What sort of order does life produce? The answer is found in very large molecules made of a small sub-units. Carbohydrates are made of sugar sub-units using various sugars and connecting them in various ways. Proteins are made of amino acids in various sequences. DNA and RNA are made of nucleotides again in various sequences. Proteins do much of the work in cells. They take different shapes and movements to form enzymes and other little ‘machines’. A cell is full of all sorts of little machines doing work: making, destroying, changing, moving – the machinery of the ‘mill’.

This protein machinery has very strict specifications. Each protein has its particular shape, action and function. Here we come to the most important of the cells machines, the ribosome. All life has ribosomes just like all life has membranes and these machines make proteins to exact specifications. The ribosome is one of the foundations of life. No way to make specific proteins – no life. What happens in a ribosome is that molecule of RNA, which is a string made up of nucleic acids, spells out a code for a protein with each group of 3 nucleic acids specifying an amino acid in the protein to be made. This RNA string is moved through the ribosome one group of 3 units at a time. There are other RNA molecules that carry an particular amino acid at one end and 3 units that will match the amino acids code at the other end. These deliver amino acids to the ribosome as they are required and the ribosome adds each amino acid to the growing protein string. The heart of the ribosome machinery is constructed of RNA although most of the machinery is made of protein. Many people consider RNA and the ribosome as the ‘beginning of life’. RNA is a molecule that can act as a catalyst of reactions (like protein), carry information (like DNA) and can be a structural element (like protein). It can in a pinch replicate itself and the RNA parts to the heart of the ribosome. In theory RNA could be its own show (information source, self-replicator, maker of proteins). But RNA is not all that stable and so it is DNA that is the storage of the genetic information. It information is copied to RNA in order to be read in the ribosome. We can think of the DNA in a cell as a library that RNA uses as needed.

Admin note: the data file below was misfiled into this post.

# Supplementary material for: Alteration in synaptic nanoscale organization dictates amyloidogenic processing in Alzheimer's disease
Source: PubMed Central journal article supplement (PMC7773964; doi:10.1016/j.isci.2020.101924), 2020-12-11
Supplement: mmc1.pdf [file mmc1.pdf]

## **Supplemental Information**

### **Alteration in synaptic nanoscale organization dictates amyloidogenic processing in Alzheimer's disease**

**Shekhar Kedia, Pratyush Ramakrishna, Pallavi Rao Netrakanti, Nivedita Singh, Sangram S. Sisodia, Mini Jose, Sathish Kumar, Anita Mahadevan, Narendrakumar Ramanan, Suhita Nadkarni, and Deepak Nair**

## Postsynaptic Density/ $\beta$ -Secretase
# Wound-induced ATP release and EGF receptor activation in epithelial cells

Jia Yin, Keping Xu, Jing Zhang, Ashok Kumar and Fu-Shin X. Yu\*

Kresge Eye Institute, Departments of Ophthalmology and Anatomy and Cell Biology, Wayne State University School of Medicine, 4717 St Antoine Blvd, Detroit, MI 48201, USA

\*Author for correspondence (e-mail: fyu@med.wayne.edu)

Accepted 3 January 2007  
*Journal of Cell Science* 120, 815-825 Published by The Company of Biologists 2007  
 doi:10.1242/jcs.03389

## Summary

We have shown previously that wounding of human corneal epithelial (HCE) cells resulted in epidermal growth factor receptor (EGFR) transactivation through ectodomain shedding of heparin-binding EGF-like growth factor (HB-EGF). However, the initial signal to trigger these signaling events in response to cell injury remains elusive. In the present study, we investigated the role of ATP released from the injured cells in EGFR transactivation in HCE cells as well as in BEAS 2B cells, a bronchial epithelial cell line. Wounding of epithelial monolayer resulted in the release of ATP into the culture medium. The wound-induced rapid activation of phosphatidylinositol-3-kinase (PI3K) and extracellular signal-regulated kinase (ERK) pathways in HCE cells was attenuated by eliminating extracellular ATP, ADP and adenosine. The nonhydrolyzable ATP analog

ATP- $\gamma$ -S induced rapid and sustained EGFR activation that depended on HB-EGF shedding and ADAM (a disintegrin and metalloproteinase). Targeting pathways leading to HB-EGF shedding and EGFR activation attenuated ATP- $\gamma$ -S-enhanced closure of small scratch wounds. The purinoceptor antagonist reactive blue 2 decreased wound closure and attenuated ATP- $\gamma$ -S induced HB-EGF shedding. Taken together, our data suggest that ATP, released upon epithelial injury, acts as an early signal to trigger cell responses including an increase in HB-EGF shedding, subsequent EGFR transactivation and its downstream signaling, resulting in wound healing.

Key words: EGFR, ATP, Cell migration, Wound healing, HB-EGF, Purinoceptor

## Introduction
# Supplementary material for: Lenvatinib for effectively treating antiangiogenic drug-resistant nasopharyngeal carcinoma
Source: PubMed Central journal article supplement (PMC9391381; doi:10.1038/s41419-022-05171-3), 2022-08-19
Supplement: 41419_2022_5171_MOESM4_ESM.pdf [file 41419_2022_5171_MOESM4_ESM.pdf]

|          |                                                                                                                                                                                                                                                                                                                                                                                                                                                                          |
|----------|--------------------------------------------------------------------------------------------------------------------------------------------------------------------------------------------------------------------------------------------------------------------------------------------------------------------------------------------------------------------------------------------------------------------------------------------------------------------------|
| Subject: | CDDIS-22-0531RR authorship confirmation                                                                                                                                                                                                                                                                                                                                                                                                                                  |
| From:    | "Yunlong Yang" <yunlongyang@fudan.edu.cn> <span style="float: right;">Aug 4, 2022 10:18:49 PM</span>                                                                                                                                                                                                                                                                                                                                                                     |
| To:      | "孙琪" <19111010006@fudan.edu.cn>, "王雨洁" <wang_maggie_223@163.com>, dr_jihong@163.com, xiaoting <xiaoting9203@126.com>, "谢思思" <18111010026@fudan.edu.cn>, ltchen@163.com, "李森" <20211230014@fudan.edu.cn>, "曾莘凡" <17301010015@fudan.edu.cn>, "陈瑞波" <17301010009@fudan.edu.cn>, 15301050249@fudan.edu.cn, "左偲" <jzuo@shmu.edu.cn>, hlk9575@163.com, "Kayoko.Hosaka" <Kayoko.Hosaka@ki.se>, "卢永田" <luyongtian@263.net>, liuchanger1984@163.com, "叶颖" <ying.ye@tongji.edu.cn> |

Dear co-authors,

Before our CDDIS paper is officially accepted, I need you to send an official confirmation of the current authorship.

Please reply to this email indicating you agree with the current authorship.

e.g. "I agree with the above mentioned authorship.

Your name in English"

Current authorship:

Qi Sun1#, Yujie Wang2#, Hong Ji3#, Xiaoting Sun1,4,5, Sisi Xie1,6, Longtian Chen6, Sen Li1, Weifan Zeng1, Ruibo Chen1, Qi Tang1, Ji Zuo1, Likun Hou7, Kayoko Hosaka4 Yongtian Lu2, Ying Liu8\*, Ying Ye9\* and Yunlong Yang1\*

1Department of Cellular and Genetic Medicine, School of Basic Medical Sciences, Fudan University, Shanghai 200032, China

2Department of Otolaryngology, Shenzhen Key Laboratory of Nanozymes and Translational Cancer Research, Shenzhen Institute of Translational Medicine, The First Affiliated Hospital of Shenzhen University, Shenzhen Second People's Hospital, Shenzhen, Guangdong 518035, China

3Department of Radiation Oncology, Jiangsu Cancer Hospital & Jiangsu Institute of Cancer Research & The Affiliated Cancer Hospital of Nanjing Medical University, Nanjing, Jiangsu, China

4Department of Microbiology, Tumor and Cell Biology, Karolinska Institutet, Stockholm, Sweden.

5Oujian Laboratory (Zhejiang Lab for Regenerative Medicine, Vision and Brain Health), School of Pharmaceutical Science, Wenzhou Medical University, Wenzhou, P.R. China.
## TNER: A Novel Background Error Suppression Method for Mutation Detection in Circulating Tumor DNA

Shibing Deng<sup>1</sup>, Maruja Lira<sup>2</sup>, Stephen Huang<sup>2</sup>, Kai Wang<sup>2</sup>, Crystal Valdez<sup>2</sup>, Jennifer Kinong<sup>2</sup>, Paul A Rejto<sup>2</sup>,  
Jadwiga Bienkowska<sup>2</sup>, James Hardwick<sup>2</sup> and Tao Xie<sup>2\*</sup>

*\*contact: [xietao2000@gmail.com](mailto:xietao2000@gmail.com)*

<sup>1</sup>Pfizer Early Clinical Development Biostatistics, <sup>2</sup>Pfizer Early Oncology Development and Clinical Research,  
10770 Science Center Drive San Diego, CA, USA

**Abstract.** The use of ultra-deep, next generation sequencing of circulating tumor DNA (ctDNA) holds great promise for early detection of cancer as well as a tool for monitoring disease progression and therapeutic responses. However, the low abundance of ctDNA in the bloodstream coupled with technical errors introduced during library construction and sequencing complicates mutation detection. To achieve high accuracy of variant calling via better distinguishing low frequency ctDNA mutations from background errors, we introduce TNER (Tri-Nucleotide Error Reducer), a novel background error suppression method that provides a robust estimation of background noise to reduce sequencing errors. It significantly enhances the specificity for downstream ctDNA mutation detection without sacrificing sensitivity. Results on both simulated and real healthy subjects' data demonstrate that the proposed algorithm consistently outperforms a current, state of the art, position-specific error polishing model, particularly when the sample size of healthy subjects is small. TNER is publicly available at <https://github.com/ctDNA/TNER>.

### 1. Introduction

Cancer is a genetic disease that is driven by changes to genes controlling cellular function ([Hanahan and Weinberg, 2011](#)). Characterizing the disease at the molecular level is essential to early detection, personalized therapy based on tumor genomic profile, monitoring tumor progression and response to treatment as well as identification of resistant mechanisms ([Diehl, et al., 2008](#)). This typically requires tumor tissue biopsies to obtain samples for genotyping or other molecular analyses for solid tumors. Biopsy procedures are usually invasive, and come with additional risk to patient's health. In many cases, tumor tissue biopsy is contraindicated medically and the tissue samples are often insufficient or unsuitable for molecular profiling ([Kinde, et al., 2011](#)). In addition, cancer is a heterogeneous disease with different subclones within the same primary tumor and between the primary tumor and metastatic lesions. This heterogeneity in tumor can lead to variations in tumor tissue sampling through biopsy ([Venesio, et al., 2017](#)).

In essence a primitive form of life could evolve into more complex forms. What is needed for a primitive form is a membrane sac, an electrical gradient, and the RNA of a rudimentary ribosome and a few rudimentary chemicals. Once assembled we have life and it can start of complication, sophistication, and specialization.

About Janet Kwasniak

Retired pensioner, raised in Canada but UK citizen living in France, interested in Science and many other things.